September 2, 2021 9:30 AM EDT

A version of this story first appeared in the Climate is Everything newsletter. If you’d like sign up to receive this free once-a-week email, click here.


For many climate reporters, myself included, the arrival of Hurricane Ida brought a recognizable pit to the stomach. The details of the stories emerging as the storm barreled toward the Gulf Coast were new—of course—but they all had a familiar ring to them from the storms I’ve covered in the past decade. Ida offered an example of how climate change is making hurricanes stronger. The storm demonstrated the bigger trend of extreme weather harming the poorest the most. And the hurricane—like so many Gulf Coast storms before it—threatened the oil and gas infrastructure that powers much of the rest of the country.

Welcome to climate change. The details—the storm surge, the wind speed, the death count—are going to vary. But as the effects of warming become increasingly obvious, we’re going to see more events with the same recognizable features.

The growing frequency of big storms, wildfires and floods marks a notable shift for those who have been looking to explain what a warmer planet will look like. Throughout my time reporting on this beat, I’ve heard the argument over and over that the increase in climate change-linked extreme weather events would drive new recognition of global warming and help alter the political atmosphere. That could still happen. But now that those events are here, it also seems plausible that each one may become just another storm or wildfire in the eyes of the public, a second-tier story in the constant barrage of other news. The challenge for anyone who communicates about climate change to the public—journalists, scientists, activists and elected officials—is to find ways to use each weather event as an opportunity to grow public understanding rather than contribute to a collective tuning out.

This requires thinking differently. For me, and probably many of you reading this newsletter, big extreme weather events prompt almost immediate consideration of what role climate change might have played. I look at the numbers coming from NOAA and take note when researchers say they will be conducting a rapid attribution analysis to see if indeed climate change contributed.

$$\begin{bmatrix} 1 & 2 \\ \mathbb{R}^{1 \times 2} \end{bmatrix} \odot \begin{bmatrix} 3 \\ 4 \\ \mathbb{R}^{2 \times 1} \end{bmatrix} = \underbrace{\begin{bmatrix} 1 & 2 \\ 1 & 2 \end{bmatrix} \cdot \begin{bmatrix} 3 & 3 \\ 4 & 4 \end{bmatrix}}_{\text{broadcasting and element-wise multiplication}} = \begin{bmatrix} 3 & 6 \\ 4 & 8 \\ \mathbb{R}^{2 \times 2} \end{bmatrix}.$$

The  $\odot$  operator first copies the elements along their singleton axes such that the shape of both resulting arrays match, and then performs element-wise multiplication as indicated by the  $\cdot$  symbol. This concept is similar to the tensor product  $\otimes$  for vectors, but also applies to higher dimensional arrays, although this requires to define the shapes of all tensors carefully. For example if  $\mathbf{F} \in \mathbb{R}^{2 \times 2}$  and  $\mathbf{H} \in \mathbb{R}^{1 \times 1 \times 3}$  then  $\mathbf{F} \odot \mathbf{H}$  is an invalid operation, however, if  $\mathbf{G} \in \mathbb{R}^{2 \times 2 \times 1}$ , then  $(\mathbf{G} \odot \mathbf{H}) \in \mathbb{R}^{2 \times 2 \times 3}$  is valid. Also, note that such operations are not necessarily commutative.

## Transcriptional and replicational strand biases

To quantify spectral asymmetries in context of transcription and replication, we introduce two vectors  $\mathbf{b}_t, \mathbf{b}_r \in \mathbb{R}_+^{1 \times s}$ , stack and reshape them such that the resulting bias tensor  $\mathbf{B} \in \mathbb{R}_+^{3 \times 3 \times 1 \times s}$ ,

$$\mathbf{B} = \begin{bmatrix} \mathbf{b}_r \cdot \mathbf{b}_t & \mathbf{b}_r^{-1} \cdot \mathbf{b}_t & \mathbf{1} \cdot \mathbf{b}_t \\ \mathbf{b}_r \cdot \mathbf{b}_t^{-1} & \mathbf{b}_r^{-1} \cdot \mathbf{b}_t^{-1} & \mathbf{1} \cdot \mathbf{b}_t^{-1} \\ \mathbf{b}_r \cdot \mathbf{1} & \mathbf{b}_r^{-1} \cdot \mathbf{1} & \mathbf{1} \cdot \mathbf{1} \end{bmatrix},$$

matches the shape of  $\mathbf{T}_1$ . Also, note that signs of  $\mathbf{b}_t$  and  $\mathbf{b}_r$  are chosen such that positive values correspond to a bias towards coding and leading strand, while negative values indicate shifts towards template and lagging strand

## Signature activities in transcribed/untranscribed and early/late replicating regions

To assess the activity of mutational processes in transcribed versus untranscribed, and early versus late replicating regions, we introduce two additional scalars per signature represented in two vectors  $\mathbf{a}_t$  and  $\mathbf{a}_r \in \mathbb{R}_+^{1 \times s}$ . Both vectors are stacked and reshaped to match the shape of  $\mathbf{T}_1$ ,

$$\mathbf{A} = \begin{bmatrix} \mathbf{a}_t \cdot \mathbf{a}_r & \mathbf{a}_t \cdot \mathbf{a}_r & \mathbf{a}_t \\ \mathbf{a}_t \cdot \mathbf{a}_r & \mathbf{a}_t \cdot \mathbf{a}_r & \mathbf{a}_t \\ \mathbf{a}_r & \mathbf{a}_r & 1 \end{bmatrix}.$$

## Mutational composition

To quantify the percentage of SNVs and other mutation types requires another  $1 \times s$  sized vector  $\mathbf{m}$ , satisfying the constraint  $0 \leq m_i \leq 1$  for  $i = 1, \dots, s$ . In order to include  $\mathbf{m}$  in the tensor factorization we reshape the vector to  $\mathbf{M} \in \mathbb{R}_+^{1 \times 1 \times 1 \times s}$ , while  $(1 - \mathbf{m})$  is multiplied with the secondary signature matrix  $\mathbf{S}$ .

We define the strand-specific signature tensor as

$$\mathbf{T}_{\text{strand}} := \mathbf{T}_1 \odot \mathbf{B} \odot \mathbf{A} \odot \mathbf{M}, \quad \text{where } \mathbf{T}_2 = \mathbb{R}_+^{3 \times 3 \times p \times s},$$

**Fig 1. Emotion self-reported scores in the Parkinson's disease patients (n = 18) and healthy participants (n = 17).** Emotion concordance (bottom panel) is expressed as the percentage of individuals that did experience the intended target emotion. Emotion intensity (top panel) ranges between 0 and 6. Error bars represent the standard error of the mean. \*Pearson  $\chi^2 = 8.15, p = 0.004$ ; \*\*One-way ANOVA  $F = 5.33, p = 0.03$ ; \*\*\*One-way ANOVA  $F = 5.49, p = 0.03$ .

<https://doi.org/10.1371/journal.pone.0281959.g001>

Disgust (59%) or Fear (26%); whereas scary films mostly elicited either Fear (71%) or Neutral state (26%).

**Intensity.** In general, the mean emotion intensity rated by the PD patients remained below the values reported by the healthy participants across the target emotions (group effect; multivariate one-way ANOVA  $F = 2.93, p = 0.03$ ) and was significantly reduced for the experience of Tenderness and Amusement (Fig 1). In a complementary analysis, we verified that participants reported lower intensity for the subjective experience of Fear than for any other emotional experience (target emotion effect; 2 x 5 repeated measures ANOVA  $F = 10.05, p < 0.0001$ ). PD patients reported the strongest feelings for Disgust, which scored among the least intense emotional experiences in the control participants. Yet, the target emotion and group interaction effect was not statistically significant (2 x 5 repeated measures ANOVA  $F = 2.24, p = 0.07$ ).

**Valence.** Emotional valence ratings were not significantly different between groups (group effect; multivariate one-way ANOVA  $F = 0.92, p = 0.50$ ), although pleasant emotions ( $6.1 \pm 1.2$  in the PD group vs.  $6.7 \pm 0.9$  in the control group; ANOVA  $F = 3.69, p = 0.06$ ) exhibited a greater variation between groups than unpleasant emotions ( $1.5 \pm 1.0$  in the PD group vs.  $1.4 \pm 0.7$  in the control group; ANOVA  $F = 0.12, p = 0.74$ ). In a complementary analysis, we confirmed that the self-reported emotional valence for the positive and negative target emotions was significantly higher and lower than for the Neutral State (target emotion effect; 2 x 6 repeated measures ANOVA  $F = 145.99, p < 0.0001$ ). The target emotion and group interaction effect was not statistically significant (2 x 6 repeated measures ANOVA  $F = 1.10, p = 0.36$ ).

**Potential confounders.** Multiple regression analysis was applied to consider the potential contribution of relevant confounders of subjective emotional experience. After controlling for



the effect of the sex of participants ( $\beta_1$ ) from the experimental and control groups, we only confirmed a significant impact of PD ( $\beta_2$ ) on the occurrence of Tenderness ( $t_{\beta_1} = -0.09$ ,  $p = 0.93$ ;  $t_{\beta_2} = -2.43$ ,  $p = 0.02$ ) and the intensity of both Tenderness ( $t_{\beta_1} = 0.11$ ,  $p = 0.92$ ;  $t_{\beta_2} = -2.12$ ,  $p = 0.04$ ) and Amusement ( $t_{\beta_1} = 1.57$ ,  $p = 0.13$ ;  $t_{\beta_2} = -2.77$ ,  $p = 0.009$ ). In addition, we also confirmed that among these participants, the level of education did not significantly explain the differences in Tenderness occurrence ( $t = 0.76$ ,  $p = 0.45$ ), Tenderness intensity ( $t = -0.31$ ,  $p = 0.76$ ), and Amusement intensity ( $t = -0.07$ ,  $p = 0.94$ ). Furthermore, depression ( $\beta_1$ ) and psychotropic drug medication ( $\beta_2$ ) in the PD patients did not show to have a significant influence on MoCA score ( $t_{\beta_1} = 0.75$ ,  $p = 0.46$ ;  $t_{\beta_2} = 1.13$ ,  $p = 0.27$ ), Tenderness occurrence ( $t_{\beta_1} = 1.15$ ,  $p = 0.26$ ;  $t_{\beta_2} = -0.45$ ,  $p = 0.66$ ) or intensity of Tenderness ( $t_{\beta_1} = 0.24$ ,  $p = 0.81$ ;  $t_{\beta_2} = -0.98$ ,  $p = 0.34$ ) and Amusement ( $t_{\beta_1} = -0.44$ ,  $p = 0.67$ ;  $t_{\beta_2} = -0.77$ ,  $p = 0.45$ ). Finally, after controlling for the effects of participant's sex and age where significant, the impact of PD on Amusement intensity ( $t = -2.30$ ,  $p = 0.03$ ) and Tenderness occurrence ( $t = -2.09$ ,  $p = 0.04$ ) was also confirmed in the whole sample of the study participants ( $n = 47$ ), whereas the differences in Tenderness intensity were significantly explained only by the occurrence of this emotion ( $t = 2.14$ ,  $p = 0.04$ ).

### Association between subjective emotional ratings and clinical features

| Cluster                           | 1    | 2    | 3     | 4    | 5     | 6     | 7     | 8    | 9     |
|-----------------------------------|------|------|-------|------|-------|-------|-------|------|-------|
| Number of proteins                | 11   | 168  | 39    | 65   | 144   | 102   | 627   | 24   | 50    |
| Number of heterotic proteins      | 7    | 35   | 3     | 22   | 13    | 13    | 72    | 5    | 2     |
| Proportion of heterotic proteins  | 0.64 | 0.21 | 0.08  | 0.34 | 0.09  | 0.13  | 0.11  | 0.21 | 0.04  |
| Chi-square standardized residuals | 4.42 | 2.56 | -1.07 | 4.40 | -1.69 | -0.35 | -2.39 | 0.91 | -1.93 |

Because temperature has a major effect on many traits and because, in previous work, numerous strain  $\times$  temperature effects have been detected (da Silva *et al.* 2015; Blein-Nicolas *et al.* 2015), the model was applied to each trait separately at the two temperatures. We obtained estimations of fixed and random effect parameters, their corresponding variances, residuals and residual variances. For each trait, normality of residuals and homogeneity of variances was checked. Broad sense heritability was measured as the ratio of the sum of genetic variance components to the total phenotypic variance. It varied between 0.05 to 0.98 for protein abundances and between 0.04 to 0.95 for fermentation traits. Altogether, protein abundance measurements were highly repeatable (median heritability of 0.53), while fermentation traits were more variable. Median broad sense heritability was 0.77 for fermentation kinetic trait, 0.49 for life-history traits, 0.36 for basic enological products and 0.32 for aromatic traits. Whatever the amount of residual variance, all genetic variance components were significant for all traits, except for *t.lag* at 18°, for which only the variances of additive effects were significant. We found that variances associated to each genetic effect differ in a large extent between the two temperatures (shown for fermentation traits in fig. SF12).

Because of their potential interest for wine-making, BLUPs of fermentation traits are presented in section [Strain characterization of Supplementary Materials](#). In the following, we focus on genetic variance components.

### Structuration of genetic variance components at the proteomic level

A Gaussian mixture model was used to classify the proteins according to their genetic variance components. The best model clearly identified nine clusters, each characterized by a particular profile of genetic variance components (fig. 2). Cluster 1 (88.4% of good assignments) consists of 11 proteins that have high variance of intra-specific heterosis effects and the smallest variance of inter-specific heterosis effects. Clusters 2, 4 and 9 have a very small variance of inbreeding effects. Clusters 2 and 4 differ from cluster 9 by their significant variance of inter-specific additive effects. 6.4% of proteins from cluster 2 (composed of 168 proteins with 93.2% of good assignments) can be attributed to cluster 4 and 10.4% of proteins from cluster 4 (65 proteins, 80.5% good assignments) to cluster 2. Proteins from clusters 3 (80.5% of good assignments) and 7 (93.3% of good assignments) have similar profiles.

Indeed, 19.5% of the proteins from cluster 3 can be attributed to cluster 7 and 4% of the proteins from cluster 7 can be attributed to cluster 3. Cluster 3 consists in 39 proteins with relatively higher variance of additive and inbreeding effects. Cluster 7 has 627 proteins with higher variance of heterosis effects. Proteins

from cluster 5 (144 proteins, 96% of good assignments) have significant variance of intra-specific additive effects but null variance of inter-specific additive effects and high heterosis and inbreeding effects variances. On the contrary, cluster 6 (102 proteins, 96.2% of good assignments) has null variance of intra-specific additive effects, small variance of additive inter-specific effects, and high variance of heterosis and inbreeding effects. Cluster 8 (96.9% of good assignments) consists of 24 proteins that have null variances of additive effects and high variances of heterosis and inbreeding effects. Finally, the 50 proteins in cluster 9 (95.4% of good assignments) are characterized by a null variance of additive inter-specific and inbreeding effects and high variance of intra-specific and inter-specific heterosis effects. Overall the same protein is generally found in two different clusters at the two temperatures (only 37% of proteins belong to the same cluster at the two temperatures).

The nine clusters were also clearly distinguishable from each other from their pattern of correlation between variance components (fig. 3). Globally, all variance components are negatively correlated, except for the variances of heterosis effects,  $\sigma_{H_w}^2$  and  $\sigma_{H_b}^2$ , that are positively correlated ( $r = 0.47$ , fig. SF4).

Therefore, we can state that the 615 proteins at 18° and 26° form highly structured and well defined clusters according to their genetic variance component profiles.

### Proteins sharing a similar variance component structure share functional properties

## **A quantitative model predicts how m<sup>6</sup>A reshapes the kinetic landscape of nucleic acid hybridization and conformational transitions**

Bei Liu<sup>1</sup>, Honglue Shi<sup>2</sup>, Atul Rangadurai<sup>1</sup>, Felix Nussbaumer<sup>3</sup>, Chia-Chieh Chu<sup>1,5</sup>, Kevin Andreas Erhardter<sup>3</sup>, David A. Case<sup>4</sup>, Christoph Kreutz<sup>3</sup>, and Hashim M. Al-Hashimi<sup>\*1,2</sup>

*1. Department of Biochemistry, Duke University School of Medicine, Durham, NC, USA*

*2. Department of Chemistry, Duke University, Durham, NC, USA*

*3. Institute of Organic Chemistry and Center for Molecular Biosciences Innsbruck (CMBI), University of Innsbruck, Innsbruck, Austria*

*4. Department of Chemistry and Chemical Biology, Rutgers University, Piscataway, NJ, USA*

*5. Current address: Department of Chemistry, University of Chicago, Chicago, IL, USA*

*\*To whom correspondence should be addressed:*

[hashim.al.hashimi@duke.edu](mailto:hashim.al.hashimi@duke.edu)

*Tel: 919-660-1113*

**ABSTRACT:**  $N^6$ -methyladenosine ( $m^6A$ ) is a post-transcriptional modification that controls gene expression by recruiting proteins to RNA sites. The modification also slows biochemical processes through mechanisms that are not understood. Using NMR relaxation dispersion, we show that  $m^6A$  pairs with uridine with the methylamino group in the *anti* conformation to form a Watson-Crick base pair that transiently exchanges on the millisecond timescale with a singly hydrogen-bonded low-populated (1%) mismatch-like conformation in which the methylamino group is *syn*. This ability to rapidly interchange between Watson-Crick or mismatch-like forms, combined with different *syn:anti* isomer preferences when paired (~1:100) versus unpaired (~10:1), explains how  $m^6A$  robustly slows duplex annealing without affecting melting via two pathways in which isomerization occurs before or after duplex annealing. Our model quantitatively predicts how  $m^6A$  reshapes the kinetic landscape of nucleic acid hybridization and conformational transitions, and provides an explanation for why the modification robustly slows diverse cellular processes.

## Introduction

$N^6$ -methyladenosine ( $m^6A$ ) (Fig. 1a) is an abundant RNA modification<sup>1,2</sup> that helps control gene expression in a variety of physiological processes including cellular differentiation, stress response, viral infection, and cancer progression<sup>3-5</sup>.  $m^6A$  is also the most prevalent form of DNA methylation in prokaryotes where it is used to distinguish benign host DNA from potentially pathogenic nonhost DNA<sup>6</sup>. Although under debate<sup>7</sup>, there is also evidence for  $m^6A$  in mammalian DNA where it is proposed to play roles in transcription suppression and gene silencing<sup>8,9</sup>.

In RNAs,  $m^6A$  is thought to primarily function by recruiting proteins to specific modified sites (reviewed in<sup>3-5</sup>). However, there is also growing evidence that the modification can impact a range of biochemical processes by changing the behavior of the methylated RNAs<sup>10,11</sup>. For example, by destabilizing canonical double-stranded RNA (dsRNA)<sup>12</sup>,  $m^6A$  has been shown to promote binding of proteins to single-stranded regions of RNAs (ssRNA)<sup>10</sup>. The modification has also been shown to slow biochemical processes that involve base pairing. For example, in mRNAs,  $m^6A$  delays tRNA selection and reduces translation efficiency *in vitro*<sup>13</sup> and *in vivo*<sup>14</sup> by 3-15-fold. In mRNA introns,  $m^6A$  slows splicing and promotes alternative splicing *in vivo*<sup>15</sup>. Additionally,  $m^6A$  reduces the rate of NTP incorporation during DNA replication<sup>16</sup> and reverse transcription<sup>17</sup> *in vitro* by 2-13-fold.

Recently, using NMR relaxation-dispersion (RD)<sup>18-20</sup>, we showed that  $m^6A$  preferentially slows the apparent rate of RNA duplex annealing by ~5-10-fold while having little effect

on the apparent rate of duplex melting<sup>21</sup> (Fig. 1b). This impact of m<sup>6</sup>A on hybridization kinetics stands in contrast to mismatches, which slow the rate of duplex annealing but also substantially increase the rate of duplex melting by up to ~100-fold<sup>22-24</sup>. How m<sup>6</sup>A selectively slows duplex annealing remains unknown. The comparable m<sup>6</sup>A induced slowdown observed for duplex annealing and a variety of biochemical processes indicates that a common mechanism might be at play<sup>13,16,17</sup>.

But researchers who study public perception of climate change say climate change barely registers during an extreme weather event for the average American. Most people are likely to view a big storm as just another in a long string of them. In fact, the historical record over the past few decades shows little shift in national public opinion on climate change driven by the increased frequency of hurricanes, droughts and wildfires that we might have expected to turn the tide. “The fact that these events are happening is not a smoking gun for Americans,” says Jon Krosnick, a social psychologist at Stanford University who studies public opinion on climate change. “Hurricane Katrina had no measurable impact on public opinion on climate at all. Hurricane Sandy had no measurable impact on public opinion on climate at all. Unusually cold winters in the East Coast had no impact.”

This may be disheartening, and raises the question of how communicators on climate can connect the dots in a way that will advance the public discussion.

Many argue that repetition will do the trick even though it hasn’t moved the needle yet. While media outlets have done a better job connecting extreme weather events to climate change in recent years, it’s a relatively new phenomenon. And, the thinking goes, it will take years of hearing the same message repeatedly before everyday people begin to connect the dots on their own. “We need to repeat, repeat until we’re so sick of hearing the same words come out of our mouth,” says Anthony Leiserowitz, who runs Yale University’s Program on Climate Change Communication. “And yet that may be the very first time somebody’s ever hearing it.”

Others say the only way to advance public understanding is to focus on solutions while others still say communicators need to localize the problem, talking about the impacts on the ground in each individual community. Can the circle be squared? One approach is for climate communicators to continue repeating the key role climate change plays in worsening extreme weather while finding new angles to inform the public about the breadth and depth of how climate change is reshaping our society incorporating both problems and solutions. Ultimately, more people talking honestly about climate can only help.

Write to Justin Worland at justin.worland@time.com.

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